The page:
To understand the effect of leverage on banks’ risk-taking, we build on two key characteristics of banks’ capital structure. First, banks finance a considerable part of their balance sheets with insured retail deposits. Since deposit insurance premiums do not (fully) reflect banks’ risk, issuing insured deposits generates a subsidy for banks. Furthermore, as is common in most jurisdictions, insured depositors (the deposit insurance fund) are senior to other creditors and equity owners in case of default or resolution. Second, since the supply of insured deposits is relatively inelastic, many banks also rely on wholesale debt markets to cover their funding needs. We show that banks optimally raise short-term wholesale debt (rather than long-term debt or equity) because it allows them to ratchet up the deposit insurance subsidy. The reason is that short-term wholesale creditors can withdraw their funding quickly when economic conditions deteriorate. By withdrawing short-term debt, creditors leapfrog the priority of insured depositors and dilute their claims. The ability to dilute retail deposits generates a cost advantage of short-term wholesale debt over equity financing even absent other factors that may render equity more expensive than debt (e.g., debt tax shields or implicit bailout guarantees).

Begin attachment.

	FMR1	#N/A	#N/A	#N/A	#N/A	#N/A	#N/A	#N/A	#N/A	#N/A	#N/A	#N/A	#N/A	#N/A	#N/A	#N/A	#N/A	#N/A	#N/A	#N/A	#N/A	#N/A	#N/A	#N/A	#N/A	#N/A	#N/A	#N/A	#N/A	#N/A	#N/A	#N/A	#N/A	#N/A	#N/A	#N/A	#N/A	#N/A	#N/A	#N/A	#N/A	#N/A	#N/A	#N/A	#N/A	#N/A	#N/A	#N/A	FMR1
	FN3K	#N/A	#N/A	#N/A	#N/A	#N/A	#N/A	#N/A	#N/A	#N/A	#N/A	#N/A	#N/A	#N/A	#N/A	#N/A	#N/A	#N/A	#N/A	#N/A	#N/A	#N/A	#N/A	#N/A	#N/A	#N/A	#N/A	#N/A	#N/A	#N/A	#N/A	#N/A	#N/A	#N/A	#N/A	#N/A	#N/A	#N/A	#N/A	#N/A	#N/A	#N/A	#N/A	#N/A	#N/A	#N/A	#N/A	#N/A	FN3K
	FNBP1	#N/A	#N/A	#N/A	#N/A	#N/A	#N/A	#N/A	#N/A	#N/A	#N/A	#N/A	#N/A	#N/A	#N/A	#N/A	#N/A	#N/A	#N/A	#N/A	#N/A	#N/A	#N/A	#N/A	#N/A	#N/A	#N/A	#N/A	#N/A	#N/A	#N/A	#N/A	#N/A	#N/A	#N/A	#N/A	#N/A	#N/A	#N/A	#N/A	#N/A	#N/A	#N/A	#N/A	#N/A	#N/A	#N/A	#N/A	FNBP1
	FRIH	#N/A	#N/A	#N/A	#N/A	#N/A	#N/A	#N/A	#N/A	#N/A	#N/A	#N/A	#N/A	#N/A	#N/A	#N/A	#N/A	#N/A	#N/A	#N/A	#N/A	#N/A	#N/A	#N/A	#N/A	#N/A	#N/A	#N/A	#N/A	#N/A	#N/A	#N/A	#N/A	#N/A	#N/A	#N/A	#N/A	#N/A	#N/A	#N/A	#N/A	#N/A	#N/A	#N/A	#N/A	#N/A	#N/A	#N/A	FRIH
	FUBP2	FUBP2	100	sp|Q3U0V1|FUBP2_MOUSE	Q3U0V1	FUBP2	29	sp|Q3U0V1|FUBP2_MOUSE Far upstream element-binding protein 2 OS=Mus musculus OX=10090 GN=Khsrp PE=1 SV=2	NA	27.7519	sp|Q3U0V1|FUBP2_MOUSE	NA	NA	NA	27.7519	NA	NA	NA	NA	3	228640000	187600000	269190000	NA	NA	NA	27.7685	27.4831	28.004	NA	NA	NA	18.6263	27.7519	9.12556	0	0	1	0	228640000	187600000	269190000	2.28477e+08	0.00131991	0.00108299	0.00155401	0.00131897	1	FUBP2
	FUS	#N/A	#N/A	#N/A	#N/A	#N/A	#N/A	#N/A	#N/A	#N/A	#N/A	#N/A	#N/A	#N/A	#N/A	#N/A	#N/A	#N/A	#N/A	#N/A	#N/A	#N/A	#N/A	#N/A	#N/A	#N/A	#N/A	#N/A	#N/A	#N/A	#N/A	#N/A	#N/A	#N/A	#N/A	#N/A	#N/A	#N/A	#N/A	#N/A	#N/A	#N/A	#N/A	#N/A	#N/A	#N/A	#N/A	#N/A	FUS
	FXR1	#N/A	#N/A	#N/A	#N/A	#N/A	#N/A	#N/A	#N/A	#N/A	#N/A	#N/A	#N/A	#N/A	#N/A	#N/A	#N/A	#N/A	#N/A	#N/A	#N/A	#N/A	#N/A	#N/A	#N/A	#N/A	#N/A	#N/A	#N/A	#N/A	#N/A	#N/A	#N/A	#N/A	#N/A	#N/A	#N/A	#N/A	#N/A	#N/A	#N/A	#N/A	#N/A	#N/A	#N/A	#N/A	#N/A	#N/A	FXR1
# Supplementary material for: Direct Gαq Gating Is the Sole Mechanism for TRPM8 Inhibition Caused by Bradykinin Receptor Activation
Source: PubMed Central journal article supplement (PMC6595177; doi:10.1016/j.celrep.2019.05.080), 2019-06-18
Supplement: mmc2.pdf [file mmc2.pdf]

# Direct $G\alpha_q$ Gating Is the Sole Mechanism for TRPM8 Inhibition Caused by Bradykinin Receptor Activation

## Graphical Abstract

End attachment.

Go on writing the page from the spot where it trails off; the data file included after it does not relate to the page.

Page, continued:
In practice, such dilution occurred when wholesale creditors withdrew from U.S. banks in 2008 during the financial crisis. Rose (2015) shows that around 70 percent of the deposits withdrawn from large commercial banks were uninsured even though the majority of their funding came from insured deposits. In addition, recent empirical findings by Chen et al. (2020) highlight that the sensitivity of deposit flows to bank performance is stronger for uninsured deposits, implying that these claims are withdrawn quicker and in larger quantities than insured claims.
In our model, a bank’s optimal funding decision between short-term debt or equity trades off the dilution benefit from issuing short-term debt against the agency cost of debt. Disclosures that lower the agency cost of debt give the bank an incentive to increase its leverage in order to maximize the dilution benefits of debt.
Due to these dilution benefits, the issuance of short-term debt has the same negative effect on a bank’s risk-taking incentives as increasing the amount of insured deposits. The bank, seeking to maximize the value of the put option implied by deposit insurance, therefore monitors less when it issues more wholesale debt, even though disclosures eliminate the agency problem between wholesale debt and equity. This leverage effect counteracts the direct market-disciplining effect of disclosures. Whether the disclosure of information leads the bank to take more or less risk depends on the magnitude of the increase in leverage. We show that, if the increase in leverage is sufficiently large, disclosures lead to greater risk-taking.